Animal Crackers (1930)
Written by Bert Kalmar, Harry Ruby, George S. Kaufman, and Morrie Ryskind
Directed by Victor Heerman
Who were the Marx Brothers? Zeppo. Chico. Harpo. Groucho. Gummo. They were the children of French/German Jewish immigrants born into a family of artists and performers. Each brother mastered multiple instruments, and Groucho and Zeppo became accomplished singers. They became a Vaudeville act thanks to their uncle and began traveling the circuit, making money, and laughs. As time went on each brother honed their stage persona, Groucho became the de facto leader with his sharp, caustic comedy. When World War I struck, the Marx mother learned that farmers were exempt from the draft, so she bought a chicken farm in Illinois, but the boys found agrarian life was not their style.
By this time, Groucho and Harpo were the most fully formed in what film audiences would one day see. Groucho wore his greasepaint mustache while chomping on a cigar while Harpo wore a red fright wig and went mute. By the 1920s, the Marx Brothers had become a national sensation in the theater, bringing their brand of high energy improvisational comedy to cities and towns around the country. This led to their long tenure on Broadway, where they spent the decade. The evolution of silent film into “talkies” came right as the Marx Brothers were soaring in popularity to a jump to movies seemed like a natural fit.
Animal Crackers is an adaptation of the Brothers’ hugely successful Broadway show of the same name. It follows a very familiar stock plot of the era with a contrived mystery and a side plot featuring a young couple swooning over each other. What makes the movie stand out from the fare of its time is the energy the Marx Brothers bring. You could easily argue that this is a story built around the incorporation of Vaudeville bits they did on stage. If you come to the film looking for an intricately detailed plot with arcs and twists, then you are in the wrong place. If you showed up to laugh and enjoy something absurdly silly, then you’ll have fun.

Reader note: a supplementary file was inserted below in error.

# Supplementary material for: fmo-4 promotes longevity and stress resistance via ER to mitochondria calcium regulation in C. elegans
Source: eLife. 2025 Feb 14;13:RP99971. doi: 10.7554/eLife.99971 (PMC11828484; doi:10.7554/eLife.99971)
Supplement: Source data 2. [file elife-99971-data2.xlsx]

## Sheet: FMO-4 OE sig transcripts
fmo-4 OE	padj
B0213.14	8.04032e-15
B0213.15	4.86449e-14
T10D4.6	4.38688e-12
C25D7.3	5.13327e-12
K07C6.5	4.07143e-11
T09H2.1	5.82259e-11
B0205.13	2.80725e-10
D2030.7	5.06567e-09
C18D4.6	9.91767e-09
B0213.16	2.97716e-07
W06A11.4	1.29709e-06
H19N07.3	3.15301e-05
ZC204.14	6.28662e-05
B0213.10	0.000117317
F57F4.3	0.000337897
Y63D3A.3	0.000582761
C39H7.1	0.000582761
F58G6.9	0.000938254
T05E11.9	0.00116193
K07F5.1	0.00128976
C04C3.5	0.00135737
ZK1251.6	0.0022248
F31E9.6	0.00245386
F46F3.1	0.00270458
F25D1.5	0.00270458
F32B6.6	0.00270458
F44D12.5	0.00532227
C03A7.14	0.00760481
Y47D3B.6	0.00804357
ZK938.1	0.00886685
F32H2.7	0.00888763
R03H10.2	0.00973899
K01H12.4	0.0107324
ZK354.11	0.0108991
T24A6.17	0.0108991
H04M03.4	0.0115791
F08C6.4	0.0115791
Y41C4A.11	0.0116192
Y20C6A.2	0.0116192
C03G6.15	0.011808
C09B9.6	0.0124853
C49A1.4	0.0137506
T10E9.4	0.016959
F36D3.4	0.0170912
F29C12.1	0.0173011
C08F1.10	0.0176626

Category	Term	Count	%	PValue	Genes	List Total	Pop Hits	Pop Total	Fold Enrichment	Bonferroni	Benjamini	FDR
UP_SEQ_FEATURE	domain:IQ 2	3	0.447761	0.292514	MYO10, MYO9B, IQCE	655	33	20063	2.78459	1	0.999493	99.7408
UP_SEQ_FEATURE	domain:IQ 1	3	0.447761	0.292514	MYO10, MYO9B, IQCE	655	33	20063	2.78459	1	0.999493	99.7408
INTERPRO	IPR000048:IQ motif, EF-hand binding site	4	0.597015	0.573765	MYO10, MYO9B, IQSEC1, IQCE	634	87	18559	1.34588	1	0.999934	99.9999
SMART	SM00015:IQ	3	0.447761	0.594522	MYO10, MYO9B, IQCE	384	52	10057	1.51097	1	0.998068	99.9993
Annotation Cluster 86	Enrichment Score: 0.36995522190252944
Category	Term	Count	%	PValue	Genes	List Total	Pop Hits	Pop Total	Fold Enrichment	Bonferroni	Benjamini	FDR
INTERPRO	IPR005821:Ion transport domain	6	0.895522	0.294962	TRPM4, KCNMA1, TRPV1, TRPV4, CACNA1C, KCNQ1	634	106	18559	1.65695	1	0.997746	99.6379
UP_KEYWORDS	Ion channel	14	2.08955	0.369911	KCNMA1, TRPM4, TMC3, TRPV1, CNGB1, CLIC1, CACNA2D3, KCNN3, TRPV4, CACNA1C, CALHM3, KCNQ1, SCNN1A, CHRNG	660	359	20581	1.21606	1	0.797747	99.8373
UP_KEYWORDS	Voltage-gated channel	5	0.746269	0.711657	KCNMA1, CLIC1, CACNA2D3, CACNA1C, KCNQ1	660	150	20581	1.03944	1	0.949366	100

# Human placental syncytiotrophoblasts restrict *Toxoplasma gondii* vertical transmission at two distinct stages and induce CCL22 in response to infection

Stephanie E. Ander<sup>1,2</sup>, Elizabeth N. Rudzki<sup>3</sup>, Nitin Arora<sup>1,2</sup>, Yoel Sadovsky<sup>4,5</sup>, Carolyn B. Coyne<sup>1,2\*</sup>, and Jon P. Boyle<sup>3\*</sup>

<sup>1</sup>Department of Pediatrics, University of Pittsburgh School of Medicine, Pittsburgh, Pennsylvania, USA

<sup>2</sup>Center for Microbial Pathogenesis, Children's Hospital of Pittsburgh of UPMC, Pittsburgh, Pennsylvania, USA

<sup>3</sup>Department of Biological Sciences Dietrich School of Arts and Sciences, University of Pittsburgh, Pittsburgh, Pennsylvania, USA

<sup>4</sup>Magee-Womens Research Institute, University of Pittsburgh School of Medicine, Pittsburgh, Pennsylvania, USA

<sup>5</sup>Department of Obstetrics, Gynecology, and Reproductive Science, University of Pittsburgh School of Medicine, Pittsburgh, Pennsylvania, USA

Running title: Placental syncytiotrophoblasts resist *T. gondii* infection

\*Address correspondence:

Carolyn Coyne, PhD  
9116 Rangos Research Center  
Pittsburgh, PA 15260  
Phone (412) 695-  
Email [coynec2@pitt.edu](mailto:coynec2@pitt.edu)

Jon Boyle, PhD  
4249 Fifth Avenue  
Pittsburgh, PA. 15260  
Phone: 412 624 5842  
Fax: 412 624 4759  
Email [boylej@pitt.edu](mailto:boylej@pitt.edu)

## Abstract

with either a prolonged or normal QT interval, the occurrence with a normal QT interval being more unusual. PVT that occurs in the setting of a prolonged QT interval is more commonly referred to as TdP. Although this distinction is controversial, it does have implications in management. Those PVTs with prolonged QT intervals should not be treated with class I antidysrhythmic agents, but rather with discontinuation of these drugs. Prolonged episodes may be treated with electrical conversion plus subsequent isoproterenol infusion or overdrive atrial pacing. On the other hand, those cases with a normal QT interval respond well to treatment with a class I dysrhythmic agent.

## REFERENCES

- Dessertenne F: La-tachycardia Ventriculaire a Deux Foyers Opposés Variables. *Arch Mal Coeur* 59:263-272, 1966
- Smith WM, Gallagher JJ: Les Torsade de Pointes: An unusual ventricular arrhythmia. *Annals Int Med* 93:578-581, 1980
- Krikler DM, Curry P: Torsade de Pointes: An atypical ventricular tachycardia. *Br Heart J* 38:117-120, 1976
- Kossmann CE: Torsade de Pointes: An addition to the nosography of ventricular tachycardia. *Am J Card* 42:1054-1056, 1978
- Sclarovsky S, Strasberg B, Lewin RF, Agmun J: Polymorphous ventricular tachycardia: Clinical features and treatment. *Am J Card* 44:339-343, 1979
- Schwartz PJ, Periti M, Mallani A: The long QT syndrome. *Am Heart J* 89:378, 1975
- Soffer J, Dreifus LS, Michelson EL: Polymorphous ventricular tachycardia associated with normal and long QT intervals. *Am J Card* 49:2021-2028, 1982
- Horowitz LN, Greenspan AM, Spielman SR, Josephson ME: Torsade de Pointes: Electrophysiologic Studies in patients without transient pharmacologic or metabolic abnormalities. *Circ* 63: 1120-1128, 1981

Mrs. Rittenhouse (Margaret Dumont) is getting ready to host the return of famed explorer and adventurer Captain Spaulding (Groucho). She is also showcasing the unveiling of a valuable painting the following evening. Spaulding arrives and sizes up the soiree as a little too hoity-toity for his tastes and aims to leave, but gets pulled back in. Rittenhouse’s hired musicians come soon after, Ravelli and the Professor (Chico and Harpo, respectively), and they begin to cause no end of chaos in the household. The painting gets stolen and swapped out, which provides the bulk of the plot, but along the way, we get many hilarious side distractions.
There is a potpourri of comedic styles presented in this film to the point that it can be a little overwhelming. Chico has an ongoing bit where his accent gets in the way of his pronunciations, so you get punny jokes. Then you have Groucho with his lighting fast barbs and double entendres. Harpo is all about manic physical comedy and gage. Even Zeppo gets some beautiful bits playing off of Groucho. Beyond that, there’s a sequence where Groucho is parodying Eugene O’Neill with continuous asides while in the middle of a conversation with high society women. Then you have the musical comedy that blends everything all together. With contemporary comedy, there is usually a set tone or style so the audience can anticipate the type of humor they will encounter. With the Marx Brothers, it’s a roller coaster; you just have to strap in and enjoy.
The Brothers had a knack for being inserted into high society situations and wreaking havoc, something we’ll see a lot more of later in A Night at the Opera. Margaret Dumont, who plays Mrs. Rittenhouse was a comic foil to the quarter in seven of their movies, having perfected the persona of an elite person aghast at the insanity of these four interlopers. The film does feel incredibly stagy, on the verge of merely being a filmed play. It would take their next film, Horse Feathers, for the Brothers to begin to make features that took advantage of the conceits of cinema.